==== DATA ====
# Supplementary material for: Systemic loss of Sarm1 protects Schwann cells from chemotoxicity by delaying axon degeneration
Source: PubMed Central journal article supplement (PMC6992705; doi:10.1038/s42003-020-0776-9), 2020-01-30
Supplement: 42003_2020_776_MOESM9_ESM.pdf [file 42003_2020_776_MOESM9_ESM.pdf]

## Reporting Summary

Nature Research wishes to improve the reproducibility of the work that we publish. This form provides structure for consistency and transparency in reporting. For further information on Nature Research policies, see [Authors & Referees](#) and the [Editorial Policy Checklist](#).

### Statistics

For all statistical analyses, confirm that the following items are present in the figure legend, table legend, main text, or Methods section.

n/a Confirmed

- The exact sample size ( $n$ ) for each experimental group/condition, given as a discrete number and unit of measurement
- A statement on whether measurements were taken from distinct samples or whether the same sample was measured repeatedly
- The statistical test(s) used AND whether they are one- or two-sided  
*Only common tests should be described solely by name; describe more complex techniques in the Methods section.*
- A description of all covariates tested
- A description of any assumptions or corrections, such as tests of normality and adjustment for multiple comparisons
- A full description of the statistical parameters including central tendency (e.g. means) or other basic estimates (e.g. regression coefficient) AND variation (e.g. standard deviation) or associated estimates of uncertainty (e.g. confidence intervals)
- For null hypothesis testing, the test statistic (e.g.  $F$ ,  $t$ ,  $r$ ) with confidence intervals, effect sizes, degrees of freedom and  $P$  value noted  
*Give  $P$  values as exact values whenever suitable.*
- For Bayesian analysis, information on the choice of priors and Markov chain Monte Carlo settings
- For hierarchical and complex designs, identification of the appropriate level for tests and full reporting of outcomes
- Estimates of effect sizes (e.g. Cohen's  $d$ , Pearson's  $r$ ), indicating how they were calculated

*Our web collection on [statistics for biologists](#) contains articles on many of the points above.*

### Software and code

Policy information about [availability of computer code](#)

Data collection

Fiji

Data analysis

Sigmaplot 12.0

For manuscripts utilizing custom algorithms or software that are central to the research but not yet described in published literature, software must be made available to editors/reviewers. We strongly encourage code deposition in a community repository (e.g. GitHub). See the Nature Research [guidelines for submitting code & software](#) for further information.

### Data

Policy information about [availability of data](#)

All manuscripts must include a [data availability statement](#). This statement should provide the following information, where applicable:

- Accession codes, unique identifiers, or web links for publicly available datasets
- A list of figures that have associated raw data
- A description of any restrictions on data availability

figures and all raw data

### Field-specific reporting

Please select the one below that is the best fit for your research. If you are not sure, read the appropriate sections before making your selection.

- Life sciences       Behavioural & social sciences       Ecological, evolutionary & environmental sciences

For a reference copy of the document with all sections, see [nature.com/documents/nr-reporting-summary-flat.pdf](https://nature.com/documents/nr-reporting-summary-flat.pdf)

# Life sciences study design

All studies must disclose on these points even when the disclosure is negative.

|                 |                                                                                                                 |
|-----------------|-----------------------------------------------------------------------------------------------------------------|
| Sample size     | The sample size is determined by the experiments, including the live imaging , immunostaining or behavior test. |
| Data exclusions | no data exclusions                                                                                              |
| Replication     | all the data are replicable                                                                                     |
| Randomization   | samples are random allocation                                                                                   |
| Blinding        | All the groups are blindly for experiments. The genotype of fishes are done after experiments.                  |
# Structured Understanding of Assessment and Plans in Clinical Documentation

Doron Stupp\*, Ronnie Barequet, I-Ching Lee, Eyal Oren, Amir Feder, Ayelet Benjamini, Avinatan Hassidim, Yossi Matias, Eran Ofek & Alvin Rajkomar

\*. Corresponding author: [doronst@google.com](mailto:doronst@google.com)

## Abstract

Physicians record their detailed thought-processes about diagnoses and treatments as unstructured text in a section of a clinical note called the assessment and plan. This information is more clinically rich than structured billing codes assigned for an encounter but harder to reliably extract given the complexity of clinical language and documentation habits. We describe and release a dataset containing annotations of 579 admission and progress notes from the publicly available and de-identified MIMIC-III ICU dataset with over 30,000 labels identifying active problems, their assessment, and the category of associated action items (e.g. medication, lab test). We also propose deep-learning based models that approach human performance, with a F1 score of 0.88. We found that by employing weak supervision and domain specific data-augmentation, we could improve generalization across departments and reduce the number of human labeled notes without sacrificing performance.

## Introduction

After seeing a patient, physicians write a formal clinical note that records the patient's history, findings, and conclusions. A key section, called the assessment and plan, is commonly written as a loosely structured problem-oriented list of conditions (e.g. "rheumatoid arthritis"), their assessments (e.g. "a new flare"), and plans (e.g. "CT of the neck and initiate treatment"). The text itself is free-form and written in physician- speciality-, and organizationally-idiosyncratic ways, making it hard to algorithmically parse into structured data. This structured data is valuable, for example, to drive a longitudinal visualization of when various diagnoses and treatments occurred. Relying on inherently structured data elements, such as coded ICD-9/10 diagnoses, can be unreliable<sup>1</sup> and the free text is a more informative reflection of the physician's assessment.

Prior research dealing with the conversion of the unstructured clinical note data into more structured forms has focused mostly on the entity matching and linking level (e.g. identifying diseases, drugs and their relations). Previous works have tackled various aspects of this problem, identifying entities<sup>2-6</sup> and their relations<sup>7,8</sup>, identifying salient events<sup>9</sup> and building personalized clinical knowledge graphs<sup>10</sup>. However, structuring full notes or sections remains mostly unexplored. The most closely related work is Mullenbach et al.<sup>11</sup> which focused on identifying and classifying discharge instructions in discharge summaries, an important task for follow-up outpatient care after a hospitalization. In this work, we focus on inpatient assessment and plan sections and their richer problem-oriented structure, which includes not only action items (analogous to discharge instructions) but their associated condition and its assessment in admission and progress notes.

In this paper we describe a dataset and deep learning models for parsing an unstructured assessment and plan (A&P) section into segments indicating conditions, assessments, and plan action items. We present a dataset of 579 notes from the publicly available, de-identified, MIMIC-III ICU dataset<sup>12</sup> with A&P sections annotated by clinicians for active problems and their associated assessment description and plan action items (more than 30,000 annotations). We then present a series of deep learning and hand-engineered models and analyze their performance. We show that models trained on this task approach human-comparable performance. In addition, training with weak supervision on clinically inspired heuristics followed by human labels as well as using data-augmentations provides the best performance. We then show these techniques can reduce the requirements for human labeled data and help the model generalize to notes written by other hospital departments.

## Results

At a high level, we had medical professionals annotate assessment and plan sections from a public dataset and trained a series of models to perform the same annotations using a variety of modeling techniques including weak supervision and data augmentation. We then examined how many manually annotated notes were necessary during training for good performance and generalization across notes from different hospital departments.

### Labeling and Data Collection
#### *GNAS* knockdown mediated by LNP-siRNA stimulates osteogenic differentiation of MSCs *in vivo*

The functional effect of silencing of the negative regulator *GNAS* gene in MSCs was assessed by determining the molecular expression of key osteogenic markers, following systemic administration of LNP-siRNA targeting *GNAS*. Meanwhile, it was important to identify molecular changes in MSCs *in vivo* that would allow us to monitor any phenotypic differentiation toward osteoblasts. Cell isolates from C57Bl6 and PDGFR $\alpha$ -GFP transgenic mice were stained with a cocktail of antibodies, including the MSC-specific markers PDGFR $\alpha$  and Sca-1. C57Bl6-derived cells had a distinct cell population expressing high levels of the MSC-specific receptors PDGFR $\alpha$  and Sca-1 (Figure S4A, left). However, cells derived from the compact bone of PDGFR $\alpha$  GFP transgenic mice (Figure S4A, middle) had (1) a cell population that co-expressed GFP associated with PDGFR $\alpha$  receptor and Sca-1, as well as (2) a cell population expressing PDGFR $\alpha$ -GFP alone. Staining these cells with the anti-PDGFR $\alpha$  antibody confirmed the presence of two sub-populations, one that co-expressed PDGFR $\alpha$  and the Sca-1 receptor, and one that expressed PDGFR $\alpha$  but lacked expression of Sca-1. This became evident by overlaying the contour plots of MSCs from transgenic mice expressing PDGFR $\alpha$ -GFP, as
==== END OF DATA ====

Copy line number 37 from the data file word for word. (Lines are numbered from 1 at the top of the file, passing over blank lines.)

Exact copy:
Please select the one below that is the best fit for your research. If you are not sure, read the appropriate sections before making your selection.